What did you learn today?

A question parents often ask students after their music lesson is: “What did you learn today?” or “Did you learn something new in the book?” Although they mean well, learning something new should not be the only measure of a successful lesson.

Of course we all need to regularly learn new material in order to grow as a musician, however, it is not always necessary to acquire more knowledge. Musical ideas, concepts and techniques need constant revision, sometimes it is best to spend a week or two revising material without the added burden of learning something new. Consolidation is very often necessary before moving onto a new area of study.

Exam material and or important performance pieces should be revised every lesson and every practice session at home and obviously practiced more and more as we approach the exam or performance date. New material can and should be introduced slowly from method books and other sources where necessary. A new page may be looked at each week, fortnight or longer if the student has not practiced enough, or absorbed the material to an acceptable level of musical competence. Every page does not have to be perfect in order to move on, but it should be reasonably secure (it can be improved over the next few weeks in our revision) New material requires more concerted effort and the older material can be perfected gradually as we progress through the book. By the time we finish a method book every page should have been practiced hundreds (thousands is better) of times. If we are insecure in the early pages the progress will often slow down, or stall altogether in later stages. Do not skip material in method books, it is there for a reason!

Many times I will say to students something like; “That was not quite there, let’s spend another week on it and make it more secure” Other times, I will say: “That was really fantastic, so let’s spend another week on it!”

It is best not to be in a rush to finish our books, as soon as we finish we should be onto a new book anyway. We should not judge our progress by what page we are up to in a book, best not to make arbitrary judgements that really have no meaning. Guitarists are making progress all over the world, working from different method books and resources, the material we learn is not as important as the learning we undertake. The content of our practice sessions is of lesser importance than the quality of our attention, learning and technical execution.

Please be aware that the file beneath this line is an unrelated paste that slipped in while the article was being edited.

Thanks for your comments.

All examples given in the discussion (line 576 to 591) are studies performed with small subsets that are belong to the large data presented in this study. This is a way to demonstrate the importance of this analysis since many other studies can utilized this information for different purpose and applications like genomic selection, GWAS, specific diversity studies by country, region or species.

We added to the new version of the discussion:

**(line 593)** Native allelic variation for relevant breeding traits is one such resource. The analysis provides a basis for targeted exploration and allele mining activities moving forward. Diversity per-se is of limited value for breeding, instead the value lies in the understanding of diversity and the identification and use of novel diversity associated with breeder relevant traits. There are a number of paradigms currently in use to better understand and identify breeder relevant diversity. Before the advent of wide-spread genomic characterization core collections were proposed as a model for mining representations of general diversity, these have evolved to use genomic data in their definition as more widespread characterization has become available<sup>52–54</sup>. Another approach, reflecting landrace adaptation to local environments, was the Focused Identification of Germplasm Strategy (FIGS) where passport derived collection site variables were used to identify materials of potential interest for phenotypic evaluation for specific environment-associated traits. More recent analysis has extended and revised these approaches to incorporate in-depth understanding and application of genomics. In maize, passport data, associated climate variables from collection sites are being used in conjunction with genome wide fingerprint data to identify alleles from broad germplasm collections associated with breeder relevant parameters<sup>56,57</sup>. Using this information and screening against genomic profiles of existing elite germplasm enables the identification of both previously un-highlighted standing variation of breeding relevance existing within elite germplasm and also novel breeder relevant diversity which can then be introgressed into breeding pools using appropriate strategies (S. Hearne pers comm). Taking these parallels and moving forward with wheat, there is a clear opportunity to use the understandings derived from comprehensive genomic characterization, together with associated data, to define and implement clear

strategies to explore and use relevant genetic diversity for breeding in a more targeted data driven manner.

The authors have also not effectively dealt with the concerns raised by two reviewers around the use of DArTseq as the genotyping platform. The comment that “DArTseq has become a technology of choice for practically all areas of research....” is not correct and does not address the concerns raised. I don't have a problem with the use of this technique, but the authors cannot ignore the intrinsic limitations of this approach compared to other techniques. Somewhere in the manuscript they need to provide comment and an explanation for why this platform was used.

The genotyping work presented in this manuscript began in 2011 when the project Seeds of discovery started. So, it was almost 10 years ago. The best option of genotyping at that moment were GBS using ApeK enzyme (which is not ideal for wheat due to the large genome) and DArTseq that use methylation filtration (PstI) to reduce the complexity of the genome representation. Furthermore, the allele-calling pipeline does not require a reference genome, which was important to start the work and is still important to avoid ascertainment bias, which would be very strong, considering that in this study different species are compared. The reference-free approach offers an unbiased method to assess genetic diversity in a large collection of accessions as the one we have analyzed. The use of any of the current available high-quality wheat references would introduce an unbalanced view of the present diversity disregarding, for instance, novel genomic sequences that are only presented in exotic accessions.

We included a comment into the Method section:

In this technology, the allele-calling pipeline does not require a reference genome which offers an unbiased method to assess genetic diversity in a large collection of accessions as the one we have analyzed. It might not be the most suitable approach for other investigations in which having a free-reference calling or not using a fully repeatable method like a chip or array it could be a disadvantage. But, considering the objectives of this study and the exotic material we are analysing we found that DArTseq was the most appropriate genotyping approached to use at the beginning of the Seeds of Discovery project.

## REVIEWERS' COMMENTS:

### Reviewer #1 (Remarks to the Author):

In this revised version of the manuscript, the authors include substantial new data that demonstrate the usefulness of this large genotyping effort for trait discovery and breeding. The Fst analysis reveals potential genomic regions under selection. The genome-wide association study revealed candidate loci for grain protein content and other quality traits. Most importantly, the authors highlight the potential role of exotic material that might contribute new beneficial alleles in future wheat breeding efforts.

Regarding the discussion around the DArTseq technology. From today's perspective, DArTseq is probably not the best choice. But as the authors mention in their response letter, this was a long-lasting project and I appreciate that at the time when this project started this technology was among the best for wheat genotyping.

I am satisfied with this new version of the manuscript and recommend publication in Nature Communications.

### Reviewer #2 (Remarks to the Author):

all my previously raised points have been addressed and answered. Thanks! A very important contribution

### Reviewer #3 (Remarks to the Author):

One of the main books we learn guitar from at Caroline Springs School of Music generally takes anywhere from a year to 3 years to complete (if learned correctly) often a new student will come to us having “finished” the book elsewhere in a month or two. In almost every instance the material is not secure at all, especially the early pages. Glass half empty; we have to start again. Glass half full: at least this time we will actually learn something. I would rather see someone playing well on the first page than playing poorly on the last page.

How do we keep our playing from stagnating or becoming boring whilst working slowly through method books and exam pieces? Try different approaches to the same material, mix it up; play the same pieces with different feels, tempi, orders etc. Work backwards through books, practice pieces from the end, back to the start. Try working improvisation into all practice sessions. One of the great things about ANZCA exams is the option to improvise or embellish melodies etc, this can really help us find our own voice on the instrument. Don’t play like an automaton, express yourself through the music. Our technique and movements should be reflex and automatic. The emotions and feelings that should be evident in the performance require us to be sensitive to the music and the moment.

Always remember that being good at music requires a huge amount of work refining movements, like a sportsman, you can never practice the fundamentals too much.

Learning guitar should not be just about acquiring new information or ploughing through text books, the important thing is how well we are executing the material that we do know. Every time we learn something new we should run it over and over before it truly becomes a part of ourselves. When we can play without thinking about it, (on auto pilot, but not an automaton, there is a difference); that’s when we are onto something.

Brendan Hains

Caroline Springs Guitar Lessons

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